Thunder embrace HOPE Week
Every so often, however, you get a moment of clarity, a piece of perspective that shows you how lucky you are to live a life so many children will lust for but never know.
That’s what was waiting for the Thunder this week, after a grueling overnight trip home from Akron with the opening salvo of another series looming just hours after arrival.
Instead of hitting the pillow, it was time to report to the ballpark, where Jeff Farnham and Tyler Austin helped kick off the Thunder’s fifth annual HOPE Week, an organization-wide celebration of giving back and honoring those who spend their lives doing the same.
“Just being labeled as a professional athlete, there’s so many (ways) people view us and what we really do,” Thunder pitcher Mikey O’Brien said. “To be able to reach out and do things for underprivileged families or communities or whatever it may be, it’s kind of a blessing in disguise. It means just as much to us as it means to them.”
Farnham and Austin used part of their afternoon on Friday volunteering with children at the local YMCA playing tug-of-war, basketball, signing autographs and generally spending time with kids who see ballplayers, no matter their level, as heroes.
“HOPE Week was awesome last year,” Farnham said, “so I wanted to jump right in and do it again. I didn’t know if this would be the only slot we had available, so I got worried a little bit, but it was great. It was a great opportunity, a great experience. I think we all enjoyed doing it. It was a good way to give back.”
Saturday was Special Olympics day, and the athletes were treated to a pregame camp with appearances from several Thunder players, manager Tony Franklin, batdog Derby and, of course, Boomer. The campers also attended Saturday night’s game and got the opportunity to cheer on their new friends.
Franklin was a little under the weather and still dragging a bit from the last few days of travel and games, but that all changed once he got to hang out with a group of youngsters who were overjoyed just to spend a few hours on the field he calls home six months a year.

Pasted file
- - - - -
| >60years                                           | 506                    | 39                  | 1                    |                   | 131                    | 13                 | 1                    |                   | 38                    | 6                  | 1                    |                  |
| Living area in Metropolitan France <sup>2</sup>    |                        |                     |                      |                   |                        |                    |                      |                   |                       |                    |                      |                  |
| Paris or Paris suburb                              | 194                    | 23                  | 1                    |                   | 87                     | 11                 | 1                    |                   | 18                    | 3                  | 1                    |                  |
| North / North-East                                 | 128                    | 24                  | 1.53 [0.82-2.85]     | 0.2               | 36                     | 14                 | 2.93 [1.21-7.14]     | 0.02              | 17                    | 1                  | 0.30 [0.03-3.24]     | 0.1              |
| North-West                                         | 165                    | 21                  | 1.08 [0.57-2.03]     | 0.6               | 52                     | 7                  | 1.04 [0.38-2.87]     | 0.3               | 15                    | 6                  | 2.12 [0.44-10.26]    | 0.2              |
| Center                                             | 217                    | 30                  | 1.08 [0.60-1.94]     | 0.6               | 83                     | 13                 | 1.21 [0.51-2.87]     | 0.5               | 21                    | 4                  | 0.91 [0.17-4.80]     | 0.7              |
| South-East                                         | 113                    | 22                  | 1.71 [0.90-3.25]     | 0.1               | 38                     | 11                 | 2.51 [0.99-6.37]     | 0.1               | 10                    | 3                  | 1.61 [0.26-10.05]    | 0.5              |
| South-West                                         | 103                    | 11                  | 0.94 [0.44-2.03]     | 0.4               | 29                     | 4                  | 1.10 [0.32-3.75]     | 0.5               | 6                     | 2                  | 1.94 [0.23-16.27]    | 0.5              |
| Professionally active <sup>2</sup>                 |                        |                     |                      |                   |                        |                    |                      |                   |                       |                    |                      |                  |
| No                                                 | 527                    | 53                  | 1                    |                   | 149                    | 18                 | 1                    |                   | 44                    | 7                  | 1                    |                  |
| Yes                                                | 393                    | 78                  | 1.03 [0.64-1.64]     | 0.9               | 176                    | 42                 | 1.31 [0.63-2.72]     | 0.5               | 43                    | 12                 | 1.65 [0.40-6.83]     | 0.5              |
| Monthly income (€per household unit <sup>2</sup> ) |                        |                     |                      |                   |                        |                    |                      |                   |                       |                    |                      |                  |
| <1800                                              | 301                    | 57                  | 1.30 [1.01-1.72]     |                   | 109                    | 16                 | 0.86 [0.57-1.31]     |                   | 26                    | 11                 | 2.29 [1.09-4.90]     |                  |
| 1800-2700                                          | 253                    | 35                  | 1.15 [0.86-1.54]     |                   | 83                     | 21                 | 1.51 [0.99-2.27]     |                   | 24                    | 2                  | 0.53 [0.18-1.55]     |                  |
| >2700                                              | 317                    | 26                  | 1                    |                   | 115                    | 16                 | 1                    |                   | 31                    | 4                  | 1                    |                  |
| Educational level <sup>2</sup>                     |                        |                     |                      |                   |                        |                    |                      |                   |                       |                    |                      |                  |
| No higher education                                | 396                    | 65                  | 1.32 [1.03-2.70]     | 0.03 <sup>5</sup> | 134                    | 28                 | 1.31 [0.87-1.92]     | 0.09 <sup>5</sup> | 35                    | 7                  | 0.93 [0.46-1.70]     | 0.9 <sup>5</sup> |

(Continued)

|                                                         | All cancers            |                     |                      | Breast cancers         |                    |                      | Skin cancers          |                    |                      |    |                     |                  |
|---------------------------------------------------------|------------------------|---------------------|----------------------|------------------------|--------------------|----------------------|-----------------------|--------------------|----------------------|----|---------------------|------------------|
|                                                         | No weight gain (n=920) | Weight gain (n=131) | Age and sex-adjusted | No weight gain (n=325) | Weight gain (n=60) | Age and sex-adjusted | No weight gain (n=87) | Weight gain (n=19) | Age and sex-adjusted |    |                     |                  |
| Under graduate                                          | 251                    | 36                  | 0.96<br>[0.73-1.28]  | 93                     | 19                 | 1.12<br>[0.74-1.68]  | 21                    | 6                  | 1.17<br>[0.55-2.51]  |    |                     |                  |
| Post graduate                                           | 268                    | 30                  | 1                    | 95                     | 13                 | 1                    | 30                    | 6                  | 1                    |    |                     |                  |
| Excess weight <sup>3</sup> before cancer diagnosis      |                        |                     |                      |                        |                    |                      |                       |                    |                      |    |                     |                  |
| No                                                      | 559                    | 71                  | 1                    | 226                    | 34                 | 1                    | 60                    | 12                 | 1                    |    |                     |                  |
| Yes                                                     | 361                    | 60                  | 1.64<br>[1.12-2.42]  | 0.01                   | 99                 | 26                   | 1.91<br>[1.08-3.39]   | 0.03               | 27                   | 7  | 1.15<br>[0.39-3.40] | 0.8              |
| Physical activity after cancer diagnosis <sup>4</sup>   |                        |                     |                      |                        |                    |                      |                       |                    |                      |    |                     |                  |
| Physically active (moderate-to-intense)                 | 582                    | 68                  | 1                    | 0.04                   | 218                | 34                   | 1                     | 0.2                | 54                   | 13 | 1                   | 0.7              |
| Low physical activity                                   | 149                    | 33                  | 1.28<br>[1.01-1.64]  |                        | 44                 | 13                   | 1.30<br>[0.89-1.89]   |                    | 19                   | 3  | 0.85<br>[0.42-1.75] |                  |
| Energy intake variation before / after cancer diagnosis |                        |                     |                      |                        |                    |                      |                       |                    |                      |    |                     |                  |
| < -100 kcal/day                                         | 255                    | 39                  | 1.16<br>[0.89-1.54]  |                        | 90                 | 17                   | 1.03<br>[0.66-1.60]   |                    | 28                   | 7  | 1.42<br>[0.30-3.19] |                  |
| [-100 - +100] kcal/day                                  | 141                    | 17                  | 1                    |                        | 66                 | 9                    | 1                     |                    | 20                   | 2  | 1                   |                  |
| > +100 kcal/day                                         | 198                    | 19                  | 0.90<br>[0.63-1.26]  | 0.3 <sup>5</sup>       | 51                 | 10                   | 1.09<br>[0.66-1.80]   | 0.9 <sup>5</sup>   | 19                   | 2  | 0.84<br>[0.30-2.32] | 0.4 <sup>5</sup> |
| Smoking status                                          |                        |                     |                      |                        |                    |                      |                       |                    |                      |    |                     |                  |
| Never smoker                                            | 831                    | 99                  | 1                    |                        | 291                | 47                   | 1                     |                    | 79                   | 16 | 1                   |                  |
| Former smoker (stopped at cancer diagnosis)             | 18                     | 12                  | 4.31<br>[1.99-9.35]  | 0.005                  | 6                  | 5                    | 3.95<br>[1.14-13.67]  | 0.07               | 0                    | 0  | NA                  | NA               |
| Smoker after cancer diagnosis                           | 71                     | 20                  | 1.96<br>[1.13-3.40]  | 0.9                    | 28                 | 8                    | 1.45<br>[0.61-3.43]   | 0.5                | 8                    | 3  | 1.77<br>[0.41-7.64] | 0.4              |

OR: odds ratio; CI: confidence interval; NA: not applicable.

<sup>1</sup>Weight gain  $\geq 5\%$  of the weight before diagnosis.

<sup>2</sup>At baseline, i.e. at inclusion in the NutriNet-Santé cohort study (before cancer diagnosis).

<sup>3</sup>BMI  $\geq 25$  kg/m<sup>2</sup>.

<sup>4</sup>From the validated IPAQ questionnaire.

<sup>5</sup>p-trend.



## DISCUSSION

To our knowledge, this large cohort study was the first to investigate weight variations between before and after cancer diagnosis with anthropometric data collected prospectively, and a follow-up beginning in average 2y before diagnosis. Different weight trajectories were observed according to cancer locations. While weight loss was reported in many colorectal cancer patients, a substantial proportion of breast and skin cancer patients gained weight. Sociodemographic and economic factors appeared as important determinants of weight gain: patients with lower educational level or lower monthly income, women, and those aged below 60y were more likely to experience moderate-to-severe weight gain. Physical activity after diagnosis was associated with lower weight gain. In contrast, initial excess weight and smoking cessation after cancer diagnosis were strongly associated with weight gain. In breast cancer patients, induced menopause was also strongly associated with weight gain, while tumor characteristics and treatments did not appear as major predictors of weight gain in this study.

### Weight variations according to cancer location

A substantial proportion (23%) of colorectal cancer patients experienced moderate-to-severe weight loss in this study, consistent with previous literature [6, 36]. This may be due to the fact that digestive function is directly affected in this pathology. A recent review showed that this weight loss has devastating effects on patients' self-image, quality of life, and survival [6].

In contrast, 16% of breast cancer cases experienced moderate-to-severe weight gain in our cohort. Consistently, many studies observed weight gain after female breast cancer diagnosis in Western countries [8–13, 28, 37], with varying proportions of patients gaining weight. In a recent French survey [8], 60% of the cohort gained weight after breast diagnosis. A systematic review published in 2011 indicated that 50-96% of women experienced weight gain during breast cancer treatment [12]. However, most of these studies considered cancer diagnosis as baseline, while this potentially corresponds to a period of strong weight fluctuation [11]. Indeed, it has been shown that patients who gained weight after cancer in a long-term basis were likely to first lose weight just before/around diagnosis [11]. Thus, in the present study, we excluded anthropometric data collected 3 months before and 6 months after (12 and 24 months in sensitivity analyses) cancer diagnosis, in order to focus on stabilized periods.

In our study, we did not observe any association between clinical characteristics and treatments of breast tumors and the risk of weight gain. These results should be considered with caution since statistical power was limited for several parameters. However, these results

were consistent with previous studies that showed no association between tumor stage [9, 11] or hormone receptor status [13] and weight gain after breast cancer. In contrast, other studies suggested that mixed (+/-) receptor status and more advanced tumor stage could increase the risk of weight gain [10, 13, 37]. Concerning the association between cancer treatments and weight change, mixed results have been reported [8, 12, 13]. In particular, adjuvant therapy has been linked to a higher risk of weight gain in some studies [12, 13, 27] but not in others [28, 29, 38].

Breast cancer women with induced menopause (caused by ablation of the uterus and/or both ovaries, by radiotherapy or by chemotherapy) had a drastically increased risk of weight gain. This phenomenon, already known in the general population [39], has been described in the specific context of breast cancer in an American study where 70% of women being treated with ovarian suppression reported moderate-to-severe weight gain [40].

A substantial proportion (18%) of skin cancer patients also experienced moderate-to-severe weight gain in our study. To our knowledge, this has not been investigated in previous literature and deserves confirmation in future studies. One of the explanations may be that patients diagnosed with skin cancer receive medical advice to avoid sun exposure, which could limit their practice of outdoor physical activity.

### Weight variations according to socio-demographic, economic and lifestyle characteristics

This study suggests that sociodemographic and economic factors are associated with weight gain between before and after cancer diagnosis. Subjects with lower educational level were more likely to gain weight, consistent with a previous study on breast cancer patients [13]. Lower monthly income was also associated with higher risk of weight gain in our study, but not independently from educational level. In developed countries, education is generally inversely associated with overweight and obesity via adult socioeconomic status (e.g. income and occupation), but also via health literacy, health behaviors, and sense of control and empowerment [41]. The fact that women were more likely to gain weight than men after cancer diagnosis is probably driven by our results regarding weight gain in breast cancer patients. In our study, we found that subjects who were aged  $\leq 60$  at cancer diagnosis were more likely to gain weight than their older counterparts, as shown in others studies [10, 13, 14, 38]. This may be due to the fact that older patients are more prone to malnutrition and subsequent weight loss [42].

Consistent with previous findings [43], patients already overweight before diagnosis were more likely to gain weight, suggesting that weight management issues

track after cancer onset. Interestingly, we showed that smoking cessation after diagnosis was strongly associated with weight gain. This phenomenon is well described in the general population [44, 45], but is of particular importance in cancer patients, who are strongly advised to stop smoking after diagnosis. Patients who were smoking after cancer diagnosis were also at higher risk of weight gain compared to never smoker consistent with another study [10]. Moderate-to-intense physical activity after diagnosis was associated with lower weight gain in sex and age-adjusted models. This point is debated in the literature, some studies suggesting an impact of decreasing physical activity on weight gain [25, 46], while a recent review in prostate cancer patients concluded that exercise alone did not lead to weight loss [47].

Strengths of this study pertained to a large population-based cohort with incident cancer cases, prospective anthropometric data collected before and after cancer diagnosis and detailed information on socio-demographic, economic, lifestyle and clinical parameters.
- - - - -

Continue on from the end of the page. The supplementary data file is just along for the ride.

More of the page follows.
“I wasn’t feeling too good when I came here. I was pretty tired when I came in. That changed pretty quick when I went outside,” he explained. “I got out and got involved and saw the kids, got a chance to talk to the kids. They know quite a bit about the Thunder. They knew who I was. That always kind of touches your heart.”
On Sunday, the Thunder will honor a staff member who went above and beyond to assist restoration efforts in the aftermath of Superstorm Sandy. That will be followed on Monday with player appearances at the Rescue Mission of Trenton, and on Tuesday with a performance from the Trenton Children’s Chorus.
Outfielder Shane Brown also helped out during Saturday’s camp. He was here for last year’s HOPE Week, and made an appearance with a couple of teammates at a local housing community. He chose the Special Olympics this year because of the extremely positive reviews he’d heard from teammates who’d participated last season.
“I heard a lot of great things about last year, and I wanted to go out there and interact with kids playing baseball and see what that was all about,” he said. “It was awesome working with them, and they brought a lot of energy. It made me happy to be on the ballfield – just as happy as they were. It was great to interact with them and have fun sharing the same game I love.”